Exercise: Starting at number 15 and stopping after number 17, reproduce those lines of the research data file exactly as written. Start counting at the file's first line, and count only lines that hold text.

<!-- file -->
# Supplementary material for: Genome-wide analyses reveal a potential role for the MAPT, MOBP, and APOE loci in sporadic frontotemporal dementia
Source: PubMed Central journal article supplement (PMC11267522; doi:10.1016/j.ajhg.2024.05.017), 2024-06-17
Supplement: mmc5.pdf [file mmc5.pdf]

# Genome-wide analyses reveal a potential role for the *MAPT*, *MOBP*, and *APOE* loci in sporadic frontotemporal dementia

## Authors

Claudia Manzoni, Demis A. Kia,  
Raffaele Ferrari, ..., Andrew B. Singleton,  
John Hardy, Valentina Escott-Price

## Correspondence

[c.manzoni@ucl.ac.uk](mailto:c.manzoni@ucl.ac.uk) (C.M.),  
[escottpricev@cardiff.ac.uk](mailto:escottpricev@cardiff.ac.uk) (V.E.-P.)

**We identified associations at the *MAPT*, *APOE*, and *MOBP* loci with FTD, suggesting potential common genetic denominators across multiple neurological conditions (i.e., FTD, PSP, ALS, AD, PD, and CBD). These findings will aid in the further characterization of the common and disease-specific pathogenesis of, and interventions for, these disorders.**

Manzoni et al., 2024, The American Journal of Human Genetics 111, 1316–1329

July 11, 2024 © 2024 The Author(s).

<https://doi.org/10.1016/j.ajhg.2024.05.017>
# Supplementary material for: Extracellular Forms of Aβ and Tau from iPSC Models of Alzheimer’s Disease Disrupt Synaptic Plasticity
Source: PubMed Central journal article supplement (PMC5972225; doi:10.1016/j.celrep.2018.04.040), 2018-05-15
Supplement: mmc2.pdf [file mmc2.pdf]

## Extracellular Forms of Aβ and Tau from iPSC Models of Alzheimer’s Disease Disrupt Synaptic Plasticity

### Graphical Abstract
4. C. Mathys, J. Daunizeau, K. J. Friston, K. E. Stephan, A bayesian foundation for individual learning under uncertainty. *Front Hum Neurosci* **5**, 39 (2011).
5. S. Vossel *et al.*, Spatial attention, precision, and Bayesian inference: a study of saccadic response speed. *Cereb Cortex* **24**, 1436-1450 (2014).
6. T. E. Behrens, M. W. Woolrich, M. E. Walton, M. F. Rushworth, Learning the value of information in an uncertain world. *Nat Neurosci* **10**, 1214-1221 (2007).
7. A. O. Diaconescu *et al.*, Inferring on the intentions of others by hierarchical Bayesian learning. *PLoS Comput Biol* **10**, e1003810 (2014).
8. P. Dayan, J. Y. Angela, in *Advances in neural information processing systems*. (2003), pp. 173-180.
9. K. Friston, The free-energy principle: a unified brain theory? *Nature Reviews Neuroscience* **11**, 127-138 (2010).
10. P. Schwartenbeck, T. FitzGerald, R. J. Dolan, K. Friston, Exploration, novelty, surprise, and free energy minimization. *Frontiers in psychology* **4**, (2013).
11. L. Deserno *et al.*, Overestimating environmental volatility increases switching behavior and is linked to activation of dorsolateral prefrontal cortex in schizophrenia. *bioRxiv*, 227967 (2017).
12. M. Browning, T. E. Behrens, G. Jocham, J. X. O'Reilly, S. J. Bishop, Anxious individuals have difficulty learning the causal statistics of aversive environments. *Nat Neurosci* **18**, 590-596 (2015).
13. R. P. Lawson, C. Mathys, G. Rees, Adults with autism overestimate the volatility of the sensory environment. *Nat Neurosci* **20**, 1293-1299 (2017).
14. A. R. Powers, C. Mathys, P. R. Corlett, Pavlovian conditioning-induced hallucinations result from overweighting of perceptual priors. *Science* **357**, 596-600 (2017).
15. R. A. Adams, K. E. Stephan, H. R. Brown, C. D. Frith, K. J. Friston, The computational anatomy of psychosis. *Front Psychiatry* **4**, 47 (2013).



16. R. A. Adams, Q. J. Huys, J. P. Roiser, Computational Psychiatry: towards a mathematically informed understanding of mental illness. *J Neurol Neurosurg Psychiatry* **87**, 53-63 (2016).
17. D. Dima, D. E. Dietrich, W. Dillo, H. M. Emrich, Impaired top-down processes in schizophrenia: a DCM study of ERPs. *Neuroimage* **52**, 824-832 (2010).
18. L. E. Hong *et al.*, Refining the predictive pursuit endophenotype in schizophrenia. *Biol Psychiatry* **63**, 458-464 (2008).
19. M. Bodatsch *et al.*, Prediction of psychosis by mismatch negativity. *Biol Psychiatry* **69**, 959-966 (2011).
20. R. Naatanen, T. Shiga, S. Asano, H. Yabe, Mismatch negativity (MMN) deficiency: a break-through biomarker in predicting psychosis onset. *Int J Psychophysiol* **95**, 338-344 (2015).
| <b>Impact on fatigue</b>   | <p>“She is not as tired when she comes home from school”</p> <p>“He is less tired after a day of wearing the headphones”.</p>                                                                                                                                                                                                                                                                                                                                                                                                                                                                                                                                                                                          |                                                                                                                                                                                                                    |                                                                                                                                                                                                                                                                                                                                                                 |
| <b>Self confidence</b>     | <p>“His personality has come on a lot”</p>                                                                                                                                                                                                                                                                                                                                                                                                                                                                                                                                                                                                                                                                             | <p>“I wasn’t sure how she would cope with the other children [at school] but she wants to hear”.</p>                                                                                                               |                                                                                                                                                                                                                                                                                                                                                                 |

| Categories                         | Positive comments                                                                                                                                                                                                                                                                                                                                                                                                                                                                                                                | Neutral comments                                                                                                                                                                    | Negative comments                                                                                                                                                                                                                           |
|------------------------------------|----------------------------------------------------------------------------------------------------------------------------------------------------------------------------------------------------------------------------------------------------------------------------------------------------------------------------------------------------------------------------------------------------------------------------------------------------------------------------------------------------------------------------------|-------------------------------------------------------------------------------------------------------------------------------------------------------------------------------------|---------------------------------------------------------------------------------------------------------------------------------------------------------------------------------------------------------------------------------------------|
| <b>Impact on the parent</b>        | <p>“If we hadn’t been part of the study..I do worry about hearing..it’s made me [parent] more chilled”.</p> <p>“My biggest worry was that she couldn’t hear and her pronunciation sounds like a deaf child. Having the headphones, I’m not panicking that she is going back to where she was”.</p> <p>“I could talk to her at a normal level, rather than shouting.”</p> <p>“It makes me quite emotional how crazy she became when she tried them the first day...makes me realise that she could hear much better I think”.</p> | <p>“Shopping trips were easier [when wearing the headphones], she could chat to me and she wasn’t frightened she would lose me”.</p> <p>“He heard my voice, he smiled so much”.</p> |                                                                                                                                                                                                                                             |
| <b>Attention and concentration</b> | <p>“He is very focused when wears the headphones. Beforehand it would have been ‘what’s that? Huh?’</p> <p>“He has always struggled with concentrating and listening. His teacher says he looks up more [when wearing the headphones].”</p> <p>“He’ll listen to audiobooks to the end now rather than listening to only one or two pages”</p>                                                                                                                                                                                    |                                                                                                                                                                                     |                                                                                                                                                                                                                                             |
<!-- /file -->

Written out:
<https://doi.org/10.1016/j.ajhg.2024.05.017>
# Supplementary material for: Extracellular Forms of Aβ and Tau from iPSC Models of Alzheimer’s Disease Disrupt Synaptic Plasticity
Source: PubMed Central journal article supplement (PMC5972225; doi:10.1016/j.celrep.2018.04.040), 2018-05-15